June 17, 2010
CLEMSON, SC – No matter where a player may go there’s no better feeling than coming home.
For former Clemson soccer star Wolde Harris, it’s one of the greatest feelings in the world.
“What I remember about Clemson first and foremost is everyone was kind and everyone accepted me without conditions,² said Harris. “At the time the guys in the program were very close and we did everything together. The biggest thing about being a good team, and this is true no matter where you go, is for the team to do a lot together. They accepted me and made me feel very comfortable at the start. It felt like a family. We used to eat dinner together and hang out with each other. Coach Ibrahim did a great job of instilling teamwork and camaraderie. My teammates made me feel very comfortable and express myself, and the love of soccer. Each player sacrificed their personal goals and worked hard for the good of the team. It was a wonderful experience at Clemson and we had a lot of fun.”
Harris, a Kingston, Jamaica native, made the most of his Clemson experience as he finished his career as one of the best players ever at Tigertown.
Harris played soccer for Clemson in 1993-1995 after spending his freshman season at the University of Connecticut. In only three years at Clemson, he became the Tigers’ all-time career goal scorer with 76, second on the Atlantic Coast Conference’s career list.
In 1995 he was a finalist for the 1995 Hermann Award and was named All-American that season. He was a three-time All-Atlantic Coast Conference selection that included first team honors in 1995.
Harris led the nation in goal scoring with 26 goals in 1994. He was second in the nation in goal scoring in 1993 with 29 behind Clemson teammate Jimmy Glenn who had 32. He was tied for fifth for most goals scored nationally in 1995 with 21. Harris is also second on the school’s career list for most points with 170. He is the Tigers’ all-time leader for most game-winning goals with 21. His eight career hat tricks are tied for first on the Clemson career list. He is only the second player in Clemson and ACC history to score 20 or more goals for three consecutive seasons. He was also named a member of the ACC’s 50th Anniversary team.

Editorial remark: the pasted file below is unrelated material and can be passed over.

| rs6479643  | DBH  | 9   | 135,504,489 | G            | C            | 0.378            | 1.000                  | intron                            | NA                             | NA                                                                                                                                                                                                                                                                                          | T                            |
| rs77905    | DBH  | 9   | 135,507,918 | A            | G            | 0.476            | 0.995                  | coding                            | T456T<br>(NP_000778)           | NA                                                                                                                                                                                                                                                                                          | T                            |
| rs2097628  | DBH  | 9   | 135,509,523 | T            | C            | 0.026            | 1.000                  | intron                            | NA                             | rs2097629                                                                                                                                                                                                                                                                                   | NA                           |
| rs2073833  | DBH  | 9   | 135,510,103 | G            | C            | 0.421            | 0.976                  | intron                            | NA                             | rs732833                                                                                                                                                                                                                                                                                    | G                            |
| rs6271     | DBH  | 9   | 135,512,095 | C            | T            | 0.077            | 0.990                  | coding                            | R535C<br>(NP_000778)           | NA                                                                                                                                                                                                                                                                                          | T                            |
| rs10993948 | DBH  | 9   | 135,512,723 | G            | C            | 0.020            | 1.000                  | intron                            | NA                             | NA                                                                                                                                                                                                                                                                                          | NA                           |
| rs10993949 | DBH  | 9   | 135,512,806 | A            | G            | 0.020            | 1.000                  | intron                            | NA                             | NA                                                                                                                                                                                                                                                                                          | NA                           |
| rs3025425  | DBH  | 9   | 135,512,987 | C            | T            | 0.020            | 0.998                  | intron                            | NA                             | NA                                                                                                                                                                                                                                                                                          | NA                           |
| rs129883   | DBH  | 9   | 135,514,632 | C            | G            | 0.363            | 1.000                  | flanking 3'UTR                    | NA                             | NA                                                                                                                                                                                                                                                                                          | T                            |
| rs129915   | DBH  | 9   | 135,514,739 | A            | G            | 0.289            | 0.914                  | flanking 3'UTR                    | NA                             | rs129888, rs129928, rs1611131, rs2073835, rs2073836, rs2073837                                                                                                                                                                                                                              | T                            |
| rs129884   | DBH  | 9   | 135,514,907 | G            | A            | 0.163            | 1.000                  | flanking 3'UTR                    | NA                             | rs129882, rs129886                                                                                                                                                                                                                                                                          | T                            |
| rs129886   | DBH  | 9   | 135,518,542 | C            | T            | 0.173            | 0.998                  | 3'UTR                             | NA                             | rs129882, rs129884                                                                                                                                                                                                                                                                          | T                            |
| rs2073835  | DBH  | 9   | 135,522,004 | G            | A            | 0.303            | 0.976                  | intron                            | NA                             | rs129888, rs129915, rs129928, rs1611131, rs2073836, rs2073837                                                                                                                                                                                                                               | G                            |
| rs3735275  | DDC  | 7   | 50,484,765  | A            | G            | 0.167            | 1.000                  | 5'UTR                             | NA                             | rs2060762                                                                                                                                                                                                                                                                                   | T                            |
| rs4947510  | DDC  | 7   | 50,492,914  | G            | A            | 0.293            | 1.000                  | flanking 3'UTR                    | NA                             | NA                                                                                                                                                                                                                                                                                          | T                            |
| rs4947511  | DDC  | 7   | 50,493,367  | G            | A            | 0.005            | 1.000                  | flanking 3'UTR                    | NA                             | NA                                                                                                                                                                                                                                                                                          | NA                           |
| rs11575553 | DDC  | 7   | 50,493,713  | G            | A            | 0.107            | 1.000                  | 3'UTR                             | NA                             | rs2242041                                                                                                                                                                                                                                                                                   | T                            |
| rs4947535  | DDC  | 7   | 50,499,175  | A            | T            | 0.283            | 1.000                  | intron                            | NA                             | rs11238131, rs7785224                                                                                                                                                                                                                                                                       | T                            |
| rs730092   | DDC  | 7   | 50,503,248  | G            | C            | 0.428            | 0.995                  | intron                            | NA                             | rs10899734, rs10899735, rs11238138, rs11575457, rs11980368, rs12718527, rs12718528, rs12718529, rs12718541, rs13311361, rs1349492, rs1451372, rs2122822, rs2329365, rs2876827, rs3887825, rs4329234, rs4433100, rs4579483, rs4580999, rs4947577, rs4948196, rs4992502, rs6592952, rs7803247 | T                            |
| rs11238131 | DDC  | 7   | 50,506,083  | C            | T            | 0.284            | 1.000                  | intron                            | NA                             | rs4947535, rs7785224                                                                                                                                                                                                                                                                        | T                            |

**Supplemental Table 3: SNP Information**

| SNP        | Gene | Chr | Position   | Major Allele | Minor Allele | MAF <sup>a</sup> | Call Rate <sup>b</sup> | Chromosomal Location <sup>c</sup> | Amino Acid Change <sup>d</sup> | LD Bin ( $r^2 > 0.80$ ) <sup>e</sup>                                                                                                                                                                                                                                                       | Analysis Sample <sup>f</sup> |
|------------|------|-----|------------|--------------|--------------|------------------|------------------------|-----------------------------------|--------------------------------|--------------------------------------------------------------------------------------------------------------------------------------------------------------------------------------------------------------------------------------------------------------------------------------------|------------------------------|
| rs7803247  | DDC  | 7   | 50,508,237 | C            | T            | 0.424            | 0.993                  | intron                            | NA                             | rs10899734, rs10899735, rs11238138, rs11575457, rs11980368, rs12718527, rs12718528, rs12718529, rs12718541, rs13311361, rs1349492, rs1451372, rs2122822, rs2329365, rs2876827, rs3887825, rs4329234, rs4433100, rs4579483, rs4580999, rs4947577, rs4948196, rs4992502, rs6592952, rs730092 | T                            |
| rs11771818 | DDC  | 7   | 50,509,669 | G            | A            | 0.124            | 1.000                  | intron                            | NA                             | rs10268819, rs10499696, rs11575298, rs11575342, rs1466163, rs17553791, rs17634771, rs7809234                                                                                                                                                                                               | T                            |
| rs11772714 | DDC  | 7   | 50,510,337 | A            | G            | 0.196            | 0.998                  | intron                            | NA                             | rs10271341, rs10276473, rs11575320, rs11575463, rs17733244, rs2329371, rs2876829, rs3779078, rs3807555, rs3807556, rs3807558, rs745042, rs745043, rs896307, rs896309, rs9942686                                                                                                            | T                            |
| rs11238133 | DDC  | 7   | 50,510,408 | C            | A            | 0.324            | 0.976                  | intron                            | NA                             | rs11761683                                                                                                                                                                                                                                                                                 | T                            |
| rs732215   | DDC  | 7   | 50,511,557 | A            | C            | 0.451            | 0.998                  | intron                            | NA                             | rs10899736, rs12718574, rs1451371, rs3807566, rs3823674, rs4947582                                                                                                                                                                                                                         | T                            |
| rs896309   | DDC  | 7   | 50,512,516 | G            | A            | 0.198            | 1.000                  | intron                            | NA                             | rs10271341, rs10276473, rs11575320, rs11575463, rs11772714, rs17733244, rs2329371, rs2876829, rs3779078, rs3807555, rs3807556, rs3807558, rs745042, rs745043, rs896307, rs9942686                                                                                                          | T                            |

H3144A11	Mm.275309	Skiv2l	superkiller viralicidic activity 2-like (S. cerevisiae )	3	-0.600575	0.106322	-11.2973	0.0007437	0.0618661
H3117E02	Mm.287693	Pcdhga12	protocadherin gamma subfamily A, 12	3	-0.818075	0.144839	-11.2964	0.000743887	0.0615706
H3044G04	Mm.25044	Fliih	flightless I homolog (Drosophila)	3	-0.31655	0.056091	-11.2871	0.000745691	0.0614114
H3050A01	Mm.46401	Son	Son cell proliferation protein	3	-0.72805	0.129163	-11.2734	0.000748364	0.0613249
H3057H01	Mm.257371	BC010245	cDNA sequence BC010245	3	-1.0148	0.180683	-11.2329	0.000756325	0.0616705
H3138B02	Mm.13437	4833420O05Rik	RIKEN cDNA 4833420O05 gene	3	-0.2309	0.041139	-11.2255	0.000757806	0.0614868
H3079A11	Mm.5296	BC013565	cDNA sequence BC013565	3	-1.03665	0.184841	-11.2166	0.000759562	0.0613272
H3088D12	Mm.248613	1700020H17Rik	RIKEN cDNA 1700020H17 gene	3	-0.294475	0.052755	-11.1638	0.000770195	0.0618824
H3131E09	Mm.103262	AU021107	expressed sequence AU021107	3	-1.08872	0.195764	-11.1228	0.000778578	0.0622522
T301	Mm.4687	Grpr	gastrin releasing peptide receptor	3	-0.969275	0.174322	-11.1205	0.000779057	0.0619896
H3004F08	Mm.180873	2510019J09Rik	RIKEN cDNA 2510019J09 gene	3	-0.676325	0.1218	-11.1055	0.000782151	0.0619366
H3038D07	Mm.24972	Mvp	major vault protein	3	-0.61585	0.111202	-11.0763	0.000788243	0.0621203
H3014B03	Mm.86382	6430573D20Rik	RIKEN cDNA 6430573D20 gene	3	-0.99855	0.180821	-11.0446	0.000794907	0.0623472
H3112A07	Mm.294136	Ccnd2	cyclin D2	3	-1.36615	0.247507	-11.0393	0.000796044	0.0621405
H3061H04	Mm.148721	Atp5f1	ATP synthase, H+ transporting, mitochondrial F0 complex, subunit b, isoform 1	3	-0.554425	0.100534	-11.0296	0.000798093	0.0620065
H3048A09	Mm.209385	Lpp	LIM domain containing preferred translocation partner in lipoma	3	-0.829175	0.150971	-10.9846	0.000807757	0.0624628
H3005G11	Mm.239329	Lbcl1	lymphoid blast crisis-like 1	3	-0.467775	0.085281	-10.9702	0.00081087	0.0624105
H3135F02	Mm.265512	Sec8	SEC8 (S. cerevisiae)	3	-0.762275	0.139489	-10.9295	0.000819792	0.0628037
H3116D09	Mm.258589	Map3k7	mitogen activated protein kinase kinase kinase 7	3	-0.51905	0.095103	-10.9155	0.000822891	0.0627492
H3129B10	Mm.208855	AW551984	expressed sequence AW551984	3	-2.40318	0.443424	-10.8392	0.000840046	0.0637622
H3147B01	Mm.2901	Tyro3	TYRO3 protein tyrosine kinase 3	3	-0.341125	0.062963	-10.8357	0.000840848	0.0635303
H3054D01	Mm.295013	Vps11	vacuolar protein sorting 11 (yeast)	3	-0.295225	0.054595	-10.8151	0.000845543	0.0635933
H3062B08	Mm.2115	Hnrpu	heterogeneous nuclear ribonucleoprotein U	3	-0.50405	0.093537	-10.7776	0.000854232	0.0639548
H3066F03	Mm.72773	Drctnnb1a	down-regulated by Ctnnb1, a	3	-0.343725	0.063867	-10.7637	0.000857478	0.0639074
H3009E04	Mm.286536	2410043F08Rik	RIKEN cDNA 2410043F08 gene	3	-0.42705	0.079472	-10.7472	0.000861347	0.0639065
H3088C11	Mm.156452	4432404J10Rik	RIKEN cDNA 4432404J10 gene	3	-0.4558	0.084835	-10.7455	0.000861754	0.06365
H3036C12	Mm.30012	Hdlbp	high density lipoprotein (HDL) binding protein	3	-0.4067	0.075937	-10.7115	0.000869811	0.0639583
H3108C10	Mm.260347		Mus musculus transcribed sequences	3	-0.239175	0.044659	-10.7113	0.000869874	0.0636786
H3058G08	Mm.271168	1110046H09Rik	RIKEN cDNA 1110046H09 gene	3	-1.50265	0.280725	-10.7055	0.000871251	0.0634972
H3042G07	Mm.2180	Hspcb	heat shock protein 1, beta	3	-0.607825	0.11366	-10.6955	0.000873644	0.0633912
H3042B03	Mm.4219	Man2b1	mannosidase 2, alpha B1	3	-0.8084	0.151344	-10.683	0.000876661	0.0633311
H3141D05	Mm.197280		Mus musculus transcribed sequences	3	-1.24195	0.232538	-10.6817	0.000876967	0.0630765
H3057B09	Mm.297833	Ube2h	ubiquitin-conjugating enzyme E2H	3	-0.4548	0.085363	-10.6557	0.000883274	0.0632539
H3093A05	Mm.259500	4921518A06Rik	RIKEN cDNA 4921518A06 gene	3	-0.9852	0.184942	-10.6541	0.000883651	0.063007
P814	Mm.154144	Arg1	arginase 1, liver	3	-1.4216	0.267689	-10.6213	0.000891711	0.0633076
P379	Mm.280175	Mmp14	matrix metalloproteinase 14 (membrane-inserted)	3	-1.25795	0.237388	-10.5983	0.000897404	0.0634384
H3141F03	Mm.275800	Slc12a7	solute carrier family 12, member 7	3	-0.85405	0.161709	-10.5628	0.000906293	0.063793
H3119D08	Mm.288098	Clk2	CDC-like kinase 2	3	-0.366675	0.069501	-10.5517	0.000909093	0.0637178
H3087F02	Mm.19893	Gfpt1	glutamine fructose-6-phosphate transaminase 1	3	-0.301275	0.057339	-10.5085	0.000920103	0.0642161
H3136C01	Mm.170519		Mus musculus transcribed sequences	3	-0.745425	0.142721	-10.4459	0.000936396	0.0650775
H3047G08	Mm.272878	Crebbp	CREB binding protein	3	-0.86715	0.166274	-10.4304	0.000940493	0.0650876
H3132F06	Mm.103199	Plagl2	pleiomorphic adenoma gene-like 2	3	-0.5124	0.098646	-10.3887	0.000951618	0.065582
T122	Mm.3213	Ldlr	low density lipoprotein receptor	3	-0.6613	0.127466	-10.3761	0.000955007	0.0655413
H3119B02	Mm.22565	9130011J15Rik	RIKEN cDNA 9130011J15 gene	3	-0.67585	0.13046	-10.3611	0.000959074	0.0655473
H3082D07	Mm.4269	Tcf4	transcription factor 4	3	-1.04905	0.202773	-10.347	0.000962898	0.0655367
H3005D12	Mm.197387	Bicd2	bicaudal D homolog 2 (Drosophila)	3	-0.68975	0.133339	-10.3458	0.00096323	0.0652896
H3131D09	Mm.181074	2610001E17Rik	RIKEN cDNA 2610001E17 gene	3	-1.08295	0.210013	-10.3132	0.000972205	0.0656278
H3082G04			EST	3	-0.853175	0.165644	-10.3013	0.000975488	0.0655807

Harris also liked the environment at Clemson and the support shown to the soccer program.
“The facilities and the support at Clemson were unbelievable! As a player from Jamaica, this helped me relax and be comfortable. There’s no place like Historic Riggs Field. It would be packed and we had some awesome fans supporting us. There would be fans and supporters from others sports coming to watch us play. It was definitely a family feeling. And as they say, there is nothing like the Clemson family.”
Harris played professionally in the MLS. He joined MLS for the first time in 1997, after spending 1996 with the Colorado Foxes, leading the A-League in goals with 17. Harris played three seasons with the Colorado Rapids, scoring 13 goals in 1998. In 2000, he was traded to the New England Revolution for draft picks. Wolde’s best season with the Revs was his first, when he scored 15 goals. Harris would spend three and a half seasons in New England, before a trade to the Kansas City Wizards midway through 2003. He spent 2004 with Swedish club Bodens BK before coming back to MLS and Colorado in 2005. In eight years in MLS league play, Harris scored 51 goals and added 31 assists. He signed for Salvadoran outfit Club Deportivo FAS in August 2006.
Harris has also played for the Jamaican National Team during his career. He played his last international match in 2002 against Guadeloupe, earning over 28 caps during his career.
After playing professionally, Harris wants to give back. This summer he has been working at Clemson Head Coach Mike Noonan’s Soccer Camp. He is working on the process of coming back to Clemson to finish his degree in the near future. Recently, Harris has been involved in youth football in the United States and Jamaica. In December 2009, he launched a company called Jamaica Grassroots Football with his father and brothers, teaching and coaching youth about the game of soccer.
“I feel the Clemson soccer program has a bright future with Coach Noonan. He has a lot of great ideas in being successful in the way college soccer is now. He knows of the great tradition that Clemson had and what is expected of him. I know that it’s on the top of his list to get the Tigers back to these realms of success.
“Right now I have been working at Coach Noonan’s camp this summer, and I have talked to the academic people about finishing my degree. I don’t start something and not finish it. I remember when I got drafted in the pros my Dad said you’re going back and finishing your degree. This is the most opportune time to do this. Clemson is my home away from home, and it is where I’ve met a lot of good people. It’s always great to come home to Clemson and be part of the Clemson family.”
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